National Weather Service meteorologists are poets and they know it!

NOAA operates 122 weather forecast offices across the United States

We’ve all heard of the ice bucket challenge, the ghost pepper challenge and a plethora of other occasions that are meant to test skills and endurance, but what about writing a forecast in the form of a poem? Well, thanks to the National Weather Service Office in Pittsburgh, it is now the newest dare on social media.

Meteorologist Jason Frazier - no relation to our own FOX Weather’s Jason Frazer - was working on the forecast for western Pennsylvania when he saw what many meteorologists dread - keeping people interested in the weather when skies are fair and temperatures are near normal.

"When you have those quiet weather days, you’re looking for ways to change things up, and so we just brought up the idea and ran with it," Frazier said.

The NWS meteorologist came up with a poem that drew some attention.


Around 24 hours later and still faced with chamber of commerce weather under a ridge of high pressure, Frazier and his colleagues came up with a second stanza that some believe was even better than the first.

As is common in many job fields, meteorology is naturally competitive, and fellow NWS meteorologists from coast to coast took to social media to display their literary skills.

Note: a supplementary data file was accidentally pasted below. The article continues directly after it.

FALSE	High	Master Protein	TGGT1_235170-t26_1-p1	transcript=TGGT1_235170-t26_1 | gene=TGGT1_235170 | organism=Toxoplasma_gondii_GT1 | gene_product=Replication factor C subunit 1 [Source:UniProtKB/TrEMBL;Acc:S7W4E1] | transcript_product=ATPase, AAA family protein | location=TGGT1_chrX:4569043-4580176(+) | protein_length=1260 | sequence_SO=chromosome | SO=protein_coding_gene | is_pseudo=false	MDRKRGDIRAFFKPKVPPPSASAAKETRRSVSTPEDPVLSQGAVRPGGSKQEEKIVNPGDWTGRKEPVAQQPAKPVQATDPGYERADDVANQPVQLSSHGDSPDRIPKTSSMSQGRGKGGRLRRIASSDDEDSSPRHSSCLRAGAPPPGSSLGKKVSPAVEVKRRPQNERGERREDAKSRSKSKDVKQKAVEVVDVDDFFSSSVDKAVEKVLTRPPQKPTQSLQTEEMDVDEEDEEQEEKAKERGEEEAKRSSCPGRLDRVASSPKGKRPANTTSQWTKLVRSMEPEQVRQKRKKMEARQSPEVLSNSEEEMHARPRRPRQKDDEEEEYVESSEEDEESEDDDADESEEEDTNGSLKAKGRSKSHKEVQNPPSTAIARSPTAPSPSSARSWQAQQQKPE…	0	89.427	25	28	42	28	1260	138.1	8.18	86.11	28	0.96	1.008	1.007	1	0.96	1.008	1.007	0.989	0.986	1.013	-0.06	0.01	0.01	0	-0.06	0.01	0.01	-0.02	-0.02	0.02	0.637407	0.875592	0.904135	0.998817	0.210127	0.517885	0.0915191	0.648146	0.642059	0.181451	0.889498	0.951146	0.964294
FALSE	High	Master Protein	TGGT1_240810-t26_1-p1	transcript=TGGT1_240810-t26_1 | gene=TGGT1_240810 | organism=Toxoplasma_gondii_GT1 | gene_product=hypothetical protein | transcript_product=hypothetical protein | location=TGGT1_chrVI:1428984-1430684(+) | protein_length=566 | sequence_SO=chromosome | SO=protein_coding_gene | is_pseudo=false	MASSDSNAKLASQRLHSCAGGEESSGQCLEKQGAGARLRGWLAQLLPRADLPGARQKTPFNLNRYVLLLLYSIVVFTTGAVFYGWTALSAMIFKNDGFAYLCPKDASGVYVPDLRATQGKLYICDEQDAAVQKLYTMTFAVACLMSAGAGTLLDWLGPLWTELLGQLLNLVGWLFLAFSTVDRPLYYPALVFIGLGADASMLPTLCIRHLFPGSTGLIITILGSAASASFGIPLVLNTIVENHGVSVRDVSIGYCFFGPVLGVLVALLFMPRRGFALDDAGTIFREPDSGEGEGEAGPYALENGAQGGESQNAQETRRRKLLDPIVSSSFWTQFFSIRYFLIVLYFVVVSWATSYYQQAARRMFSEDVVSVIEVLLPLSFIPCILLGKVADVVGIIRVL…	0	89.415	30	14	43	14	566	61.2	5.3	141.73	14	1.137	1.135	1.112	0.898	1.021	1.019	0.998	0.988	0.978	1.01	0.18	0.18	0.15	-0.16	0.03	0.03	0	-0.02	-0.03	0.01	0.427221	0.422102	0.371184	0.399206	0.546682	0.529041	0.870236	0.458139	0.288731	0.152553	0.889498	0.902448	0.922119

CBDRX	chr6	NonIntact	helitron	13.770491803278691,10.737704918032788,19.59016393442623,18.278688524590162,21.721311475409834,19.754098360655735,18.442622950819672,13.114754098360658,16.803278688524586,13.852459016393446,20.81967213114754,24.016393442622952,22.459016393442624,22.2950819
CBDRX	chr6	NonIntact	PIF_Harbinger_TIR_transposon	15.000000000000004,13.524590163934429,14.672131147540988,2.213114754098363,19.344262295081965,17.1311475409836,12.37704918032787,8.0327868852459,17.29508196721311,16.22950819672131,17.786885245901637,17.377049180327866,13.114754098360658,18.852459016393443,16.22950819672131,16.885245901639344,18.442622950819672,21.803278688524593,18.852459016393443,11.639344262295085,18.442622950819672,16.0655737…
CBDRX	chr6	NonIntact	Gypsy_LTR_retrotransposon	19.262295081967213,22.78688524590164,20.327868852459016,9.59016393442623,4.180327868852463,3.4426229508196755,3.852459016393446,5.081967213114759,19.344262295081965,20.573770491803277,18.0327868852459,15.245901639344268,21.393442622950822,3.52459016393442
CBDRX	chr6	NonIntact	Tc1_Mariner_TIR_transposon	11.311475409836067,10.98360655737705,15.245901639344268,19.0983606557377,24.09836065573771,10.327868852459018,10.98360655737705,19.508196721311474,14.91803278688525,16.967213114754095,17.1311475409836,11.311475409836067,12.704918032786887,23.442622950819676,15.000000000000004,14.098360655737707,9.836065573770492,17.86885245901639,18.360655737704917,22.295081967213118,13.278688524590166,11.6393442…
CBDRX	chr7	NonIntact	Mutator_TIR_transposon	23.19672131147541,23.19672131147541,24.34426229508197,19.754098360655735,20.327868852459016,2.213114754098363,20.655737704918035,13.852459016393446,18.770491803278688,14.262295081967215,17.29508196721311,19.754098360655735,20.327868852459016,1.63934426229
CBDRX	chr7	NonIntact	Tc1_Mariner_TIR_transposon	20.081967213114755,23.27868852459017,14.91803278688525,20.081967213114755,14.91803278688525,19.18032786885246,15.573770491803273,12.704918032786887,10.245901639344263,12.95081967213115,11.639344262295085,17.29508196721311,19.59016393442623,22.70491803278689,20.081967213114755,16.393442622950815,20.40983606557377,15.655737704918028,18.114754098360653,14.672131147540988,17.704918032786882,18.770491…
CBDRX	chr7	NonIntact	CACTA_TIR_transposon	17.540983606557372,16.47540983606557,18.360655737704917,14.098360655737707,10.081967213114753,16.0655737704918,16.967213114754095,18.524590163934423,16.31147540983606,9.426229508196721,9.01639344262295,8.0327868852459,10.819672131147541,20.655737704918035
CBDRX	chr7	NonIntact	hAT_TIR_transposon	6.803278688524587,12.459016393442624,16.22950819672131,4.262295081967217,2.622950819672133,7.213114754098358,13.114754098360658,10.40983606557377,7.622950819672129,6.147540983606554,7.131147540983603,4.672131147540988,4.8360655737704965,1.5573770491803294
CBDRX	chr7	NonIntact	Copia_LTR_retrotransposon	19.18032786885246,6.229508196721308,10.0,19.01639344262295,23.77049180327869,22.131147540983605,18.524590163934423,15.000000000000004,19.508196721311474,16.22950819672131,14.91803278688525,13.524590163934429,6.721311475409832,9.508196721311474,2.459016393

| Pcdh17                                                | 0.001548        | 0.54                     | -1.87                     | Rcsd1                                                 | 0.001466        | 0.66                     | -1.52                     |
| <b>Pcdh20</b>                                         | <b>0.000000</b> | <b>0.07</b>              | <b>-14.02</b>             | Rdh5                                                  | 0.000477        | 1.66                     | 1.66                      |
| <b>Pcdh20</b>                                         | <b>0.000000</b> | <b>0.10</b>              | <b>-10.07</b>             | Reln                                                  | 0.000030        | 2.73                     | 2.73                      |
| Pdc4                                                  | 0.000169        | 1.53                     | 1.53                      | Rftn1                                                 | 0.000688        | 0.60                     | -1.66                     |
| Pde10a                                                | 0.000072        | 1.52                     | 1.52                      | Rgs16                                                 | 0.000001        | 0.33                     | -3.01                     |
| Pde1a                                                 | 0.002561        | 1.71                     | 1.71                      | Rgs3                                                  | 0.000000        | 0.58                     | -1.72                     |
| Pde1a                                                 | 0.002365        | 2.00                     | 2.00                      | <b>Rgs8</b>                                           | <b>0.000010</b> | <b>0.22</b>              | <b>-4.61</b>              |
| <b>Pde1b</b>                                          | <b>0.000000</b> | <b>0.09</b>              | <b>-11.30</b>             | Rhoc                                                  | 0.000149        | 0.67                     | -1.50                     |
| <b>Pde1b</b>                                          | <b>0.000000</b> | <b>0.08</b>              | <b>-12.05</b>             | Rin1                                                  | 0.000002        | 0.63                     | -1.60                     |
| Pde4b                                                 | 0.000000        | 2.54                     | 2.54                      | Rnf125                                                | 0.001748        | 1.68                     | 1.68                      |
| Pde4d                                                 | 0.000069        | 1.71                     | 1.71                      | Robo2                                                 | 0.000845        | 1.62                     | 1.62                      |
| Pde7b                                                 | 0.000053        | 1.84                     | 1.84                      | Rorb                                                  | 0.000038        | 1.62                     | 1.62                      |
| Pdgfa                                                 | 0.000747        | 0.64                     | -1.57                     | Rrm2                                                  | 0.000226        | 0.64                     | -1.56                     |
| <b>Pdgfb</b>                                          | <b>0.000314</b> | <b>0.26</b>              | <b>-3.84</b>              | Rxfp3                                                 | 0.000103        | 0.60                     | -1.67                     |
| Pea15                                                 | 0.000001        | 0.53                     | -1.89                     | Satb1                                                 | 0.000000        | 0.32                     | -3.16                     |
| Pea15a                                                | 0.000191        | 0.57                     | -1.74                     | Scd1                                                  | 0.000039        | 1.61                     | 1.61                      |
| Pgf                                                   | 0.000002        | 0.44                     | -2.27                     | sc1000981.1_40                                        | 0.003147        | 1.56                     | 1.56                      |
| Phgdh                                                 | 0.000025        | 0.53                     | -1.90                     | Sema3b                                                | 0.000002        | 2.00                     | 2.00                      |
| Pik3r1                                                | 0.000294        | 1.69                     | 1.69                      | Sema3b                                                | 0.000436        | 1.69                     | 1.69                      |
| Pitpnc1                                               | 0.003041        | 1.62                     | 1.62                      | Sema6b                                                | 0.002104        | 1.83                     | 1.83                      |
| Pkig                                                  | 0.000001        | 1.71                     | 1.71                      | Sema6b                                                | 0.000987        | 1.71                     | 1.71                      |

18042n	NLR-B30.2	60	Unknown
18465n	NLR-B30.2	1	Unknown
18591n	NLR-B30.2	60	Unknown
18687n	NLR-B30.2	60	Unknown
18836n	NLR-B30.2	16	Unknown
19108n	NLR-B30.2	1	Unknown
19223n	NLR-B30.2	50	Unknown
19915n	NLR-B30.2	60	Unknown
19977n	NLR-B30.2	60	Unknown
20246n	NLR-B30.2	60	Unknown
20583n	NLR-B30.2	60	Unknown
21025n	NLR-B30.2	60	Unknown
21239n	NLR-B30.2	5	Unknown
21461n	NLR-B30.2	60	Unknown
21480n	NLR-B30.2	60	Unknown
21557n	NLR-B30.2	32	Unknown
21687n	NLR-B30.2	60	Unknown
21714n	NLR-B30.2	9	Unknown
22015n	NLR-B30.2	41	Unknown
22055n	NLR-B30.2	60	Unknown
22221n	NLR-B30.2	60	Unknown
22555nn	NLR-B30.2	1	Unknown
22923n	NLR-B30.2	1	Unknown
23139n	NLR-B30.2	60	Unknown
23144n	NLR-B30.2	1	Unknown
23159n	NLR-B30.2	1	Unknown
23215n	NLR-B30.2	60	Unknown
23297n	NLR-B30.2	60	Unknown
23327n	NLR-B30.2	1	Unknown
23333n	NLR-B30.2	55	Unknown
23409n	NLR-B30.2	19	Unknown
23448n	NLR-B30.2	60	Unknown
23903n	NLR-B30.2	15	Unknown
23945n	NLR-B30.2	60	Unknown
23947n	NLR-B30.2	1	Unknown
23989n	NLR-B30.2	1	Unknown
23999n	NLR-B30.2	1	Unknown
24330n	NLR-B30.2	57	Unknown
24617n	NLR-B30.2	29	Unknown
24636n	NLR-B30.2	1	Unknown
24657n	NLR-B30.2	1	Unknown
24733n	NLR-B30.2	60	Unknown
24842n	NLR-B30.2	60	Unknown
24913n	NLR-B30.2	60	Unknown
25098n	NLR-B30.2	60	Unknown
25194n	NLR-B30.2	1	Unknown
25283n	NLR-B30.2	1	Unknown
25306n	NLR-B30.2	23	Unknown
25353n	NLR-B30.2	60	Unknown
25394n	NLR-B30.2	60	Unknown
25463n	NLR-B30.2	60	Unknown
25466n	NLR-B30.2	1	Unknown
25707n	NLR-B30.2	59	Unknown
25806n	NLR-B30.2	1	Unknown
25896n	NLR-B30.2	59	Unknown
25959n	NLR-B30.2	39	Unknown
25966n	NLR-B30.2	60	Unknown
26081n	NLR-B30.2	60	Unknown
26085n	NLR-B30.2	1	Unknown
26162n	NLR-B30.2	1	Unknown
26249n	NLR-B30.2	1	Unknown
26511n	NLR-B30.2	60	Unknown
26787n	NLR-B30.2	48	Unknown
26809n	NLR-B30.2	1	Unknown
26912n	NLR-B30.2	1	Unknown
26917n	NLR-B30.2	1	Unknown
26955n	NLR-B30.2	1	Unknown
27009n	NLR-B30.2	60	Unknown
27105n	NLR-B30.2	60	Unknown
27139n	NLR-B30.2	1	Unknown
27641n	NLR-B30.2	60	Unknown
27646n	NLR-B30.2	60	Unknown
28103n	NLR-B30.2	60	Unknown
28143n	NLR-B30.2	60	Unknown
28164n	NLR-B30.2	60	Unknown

NWS offices in states such as New York, Ohio, California, Washington and others joined the movement to inform the public about the short-term forecast, all while doing it in style.


Some of the poems are better than others, and the originator of the challenge said they are rather simple to complete.

"I think we did it on the fly. I wouldn’t say there’s any sort of education or background to it. I also got little kids, so if you read enough Dr. Seuss books, your brain ends up thinking in rhyme," Frazier said.

With only 122 forecast offices around the country, the poem challenge will likely run its course rather quickly, with some already asking what the next craze will be.

One thing is for certain - foreseeing the next viral sensation could be more difficult than predicting the weather.